Five secrets to avoiding workplace interruptions

March 3, 2005
If your workdays are shorter than your to-do lists, you're in good company.

Dale Collie
Professor West Point Military
Academy West Point, N.Y.

Even the most organized people are finding that constant interruptions get priority over planned work. Interruptions are among the top-10 workplace stressors and they're costing companies millions of dollars annually.

Many efficient people arrive early to review e-mail and get organized. Before the official day begins, however, coworkers may drop by with quick greetings and urgent conversations. How do we tell these people "We're here to work, leave me alone!" Internal information requests and outside calls further demand our attention.

Advisors say to delegate more work, get control over that phone, and let the answering machine or your assistant screen calls. Still others say you should prioritize tasks or work from home. In addition to the goal-setting and time-management techniques you may have learned, here are five proven strategies to eliminate these random, stressful interruptions.

  1. Schedule time for taking calls, responding to voice mail, checking e-mail, and accepting visitors (both internal and external). Train those around you to respect your schedule and hold them to it. When your telephone time is up, simply announce that you "have to go now."
  2. Establish procedures. Start a list of the type information people ask of you. Then prepare a logbook, policy manual, or resource book based on the information. Require others to write out the question and your response each time they come to you for information. Have them drop it in a designated mail tray for you before the end of the day along with a short paragraph on what they accomplished with your information. This strategy works in two ways. First, you capture the essential data, along with feedback about whether it was sufficient. Their notes become the basis for your policy manual. Second, people who hate to write stop bringing you questions that can be answered in some other way. The policy manuals can clear up misunderstandings and act as a reference for training new staff. Encourage everyone to use the manual to prevent unnecessary interruptions.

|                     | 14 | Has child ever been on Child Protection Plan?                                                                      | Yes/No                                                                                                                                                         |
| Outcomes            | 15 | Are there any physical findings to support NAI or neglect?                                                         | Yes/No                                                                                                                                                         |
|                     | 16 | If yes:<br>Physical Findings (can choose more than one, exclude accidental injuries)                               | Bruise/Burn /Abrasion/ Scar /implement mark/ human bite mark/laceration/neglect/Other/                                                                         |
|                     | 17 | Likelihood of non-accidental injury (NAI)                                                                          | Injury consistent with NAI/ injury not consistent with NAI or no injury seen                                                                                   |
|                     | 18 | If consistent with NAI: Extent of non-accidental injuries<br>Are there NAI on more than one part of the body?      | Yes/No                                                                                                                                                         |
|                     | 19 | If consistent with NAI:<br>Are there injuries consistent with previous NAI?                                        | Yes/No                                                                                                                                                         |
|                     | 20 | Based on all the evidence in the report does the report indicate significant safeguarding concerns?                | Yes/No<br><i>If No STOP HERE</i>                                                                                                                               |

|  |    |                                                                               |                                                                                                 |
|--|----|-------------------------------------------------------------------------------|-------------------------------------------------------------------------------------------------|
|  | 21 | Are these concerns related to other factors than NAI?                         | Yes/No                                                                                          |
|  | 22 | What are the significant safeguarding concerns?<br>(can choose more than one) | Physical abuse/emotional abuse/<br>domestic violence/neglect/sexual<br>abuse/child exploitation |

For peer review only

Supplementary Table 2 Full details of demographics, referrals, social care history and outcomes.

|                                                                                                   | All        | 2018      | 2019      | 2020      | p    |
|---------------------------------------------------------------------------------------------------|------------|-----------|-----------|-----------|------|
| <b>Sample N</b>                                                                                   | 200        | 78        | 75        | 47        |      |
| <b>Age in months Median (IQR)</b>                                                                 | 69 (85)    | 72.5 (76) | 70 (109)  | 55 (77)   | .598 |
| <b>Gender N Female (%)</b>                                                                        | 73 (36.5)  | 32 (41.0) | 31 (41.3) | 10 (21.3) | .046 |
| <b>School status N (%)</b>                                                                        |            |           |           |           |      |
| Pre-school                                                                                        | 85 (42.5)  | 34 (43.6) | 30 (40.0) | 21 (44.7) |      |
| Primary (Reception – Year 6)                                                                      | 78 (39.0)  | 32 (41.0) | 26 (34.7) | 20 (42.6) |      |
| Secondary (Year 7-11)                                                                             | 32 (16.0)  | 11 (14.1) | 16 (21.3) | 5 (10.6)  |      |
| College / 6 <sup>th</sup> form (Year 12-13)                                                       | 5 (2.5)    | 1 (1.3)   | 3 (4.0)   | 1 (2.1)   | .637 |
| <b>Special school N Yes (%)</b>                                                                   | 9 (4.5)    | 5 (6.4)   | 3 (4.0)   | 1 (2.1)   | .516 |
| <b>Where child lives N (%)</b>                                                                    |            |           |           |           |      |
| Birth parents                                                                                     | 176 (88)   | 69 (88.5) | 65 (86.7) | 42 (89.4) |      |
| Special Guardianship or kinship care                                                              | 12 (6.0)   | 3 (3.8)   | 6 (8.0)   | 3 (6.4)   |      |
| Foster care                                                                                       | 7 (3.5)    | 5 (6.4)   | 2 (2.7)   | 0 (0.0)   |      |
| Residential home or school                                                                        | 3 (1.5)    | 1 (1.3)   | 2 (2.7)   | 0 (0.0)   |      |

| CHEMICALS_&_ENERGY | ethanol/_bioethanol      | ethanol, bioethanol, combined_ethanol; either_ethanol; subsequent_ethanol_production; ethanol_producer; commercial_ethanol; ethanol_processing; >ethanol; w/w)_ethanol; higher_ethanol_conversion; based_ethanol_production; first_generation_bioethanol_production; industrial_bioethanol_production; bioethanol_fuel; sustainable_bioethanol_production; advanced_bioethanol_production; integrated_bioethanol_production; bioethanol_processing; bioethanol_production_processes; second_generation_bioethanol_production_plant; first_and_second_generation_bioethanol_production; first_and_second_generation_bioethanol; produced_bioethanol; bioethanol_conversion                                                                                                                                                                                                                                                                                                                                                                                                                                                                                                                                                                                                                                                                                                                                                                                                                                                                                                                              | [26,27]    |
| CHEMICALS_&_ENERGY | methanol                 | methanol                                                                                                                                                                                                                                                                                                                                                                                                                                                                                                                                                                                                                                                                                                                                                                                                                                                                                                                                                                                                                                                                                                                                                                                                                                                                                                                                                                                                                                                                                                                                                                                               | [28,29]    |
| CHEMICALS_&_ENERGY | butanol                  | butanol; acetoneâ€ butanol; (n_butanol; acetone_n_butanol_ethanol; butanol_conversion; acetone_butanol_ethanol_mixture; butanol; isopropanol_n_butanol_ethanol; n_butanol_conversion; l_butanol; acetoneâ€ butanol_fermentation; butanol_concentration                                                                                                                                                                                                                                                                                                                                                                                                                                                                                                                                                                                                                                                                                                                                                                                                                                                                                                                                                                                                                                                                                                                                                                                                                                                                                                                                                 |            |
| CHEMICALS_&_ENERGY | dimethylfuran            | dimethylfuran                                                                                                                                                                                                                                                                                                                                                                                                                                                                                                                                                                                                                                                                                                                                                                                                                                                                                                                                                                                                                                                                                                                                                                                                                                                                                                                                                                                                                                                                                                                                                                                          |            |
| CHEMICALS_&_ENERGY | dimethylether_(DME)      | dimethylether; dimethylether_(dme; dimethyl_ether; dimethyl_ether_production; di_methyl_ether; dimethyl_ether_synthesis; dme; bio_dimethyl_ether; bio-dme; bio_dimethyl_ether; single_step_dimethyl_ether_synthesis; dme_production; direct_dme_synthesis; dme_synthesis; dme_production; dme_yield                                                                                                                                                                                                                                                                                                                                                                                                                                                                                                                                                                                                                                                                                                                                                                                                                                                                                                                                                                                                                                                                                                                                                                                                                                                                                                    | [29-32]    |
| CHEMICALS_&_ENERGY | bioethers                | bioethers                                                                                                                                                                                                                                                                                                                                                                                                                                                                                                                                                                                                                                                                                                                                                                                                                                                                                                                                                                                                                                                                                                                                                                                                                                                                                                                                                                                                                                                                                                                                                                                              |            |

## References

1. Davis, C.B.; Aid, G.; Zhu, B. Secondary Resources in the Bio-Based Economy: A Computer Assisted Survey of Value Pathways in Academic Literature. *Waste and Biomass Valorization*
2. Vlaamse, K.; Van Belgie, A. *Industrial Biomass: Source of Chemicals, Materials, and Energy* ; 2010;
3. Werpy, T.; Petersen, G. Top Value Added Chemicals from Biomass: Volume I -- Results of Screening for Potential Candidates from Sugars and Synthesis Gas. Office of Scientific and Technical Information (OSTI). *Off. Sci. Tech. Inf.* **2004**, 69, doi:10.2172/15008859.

3. Delegate authority along with responsibility. Many unnecessary interruptions are the result of people "feeling" like they don't have authority to make decisions. Give them authority to act according to certain principals. If your company policy is to make every delivery on time, for instance, there's no need to interrupt management for approval to change production schedules or reroute delivery trucks.
  4. Train people to make their own decisions. Major General George S. Patton (son of famed World War II General Patton) said he wouldn't have hired an aid as his number-one assistant had he not trusted this person's judgment and ability. "If you ever get fired around here, it will be because of something you've failed to do rather than something you tried to do right," said Patton. In addition, the assistant certainly knew which items were important enough to merit Major General Patton's input and held them for discussion during one of two daily "scheduled" 5 to 10-minute conferences. Likewise, schedule times to brief your boss and times when your people can brief you.
  5. Maintain frequent face-to-face communications because it contributes to good teamwork and productivity. A well-liked plant manager of a large factory, for example, walks the plant floor at the beginning of each shift. Doing so gives him a chance to see whether things are being done according to policy, and for employees, his presence is a time of greeting: "How are the kids?" "Did you have a good vacation?" "Did your son's team win last night?" People love face-to-face time with management. Approach workers on their turf and on your schedule to avoid many daily interruptions.

Schedule your time; establish procedures; delegate authority; train people to make their own decisions, and maintain face-to-face communications. These simple leadership skills will save time for you and everyone involved. Productivity will improve, and you'll boost the bottom line.

Dale Collie is a speaker, former U.S. Army Ranger, Purple Heart recipient, CEO, a professor at West Point, and author of the book, Winning Under Fire: Turn Stress Into Success the U.S. Army Way. In addition, Fast Company named Dale one of America's Fast 50 innovative leaders. For more on his book, speeches, and seminars, visit:

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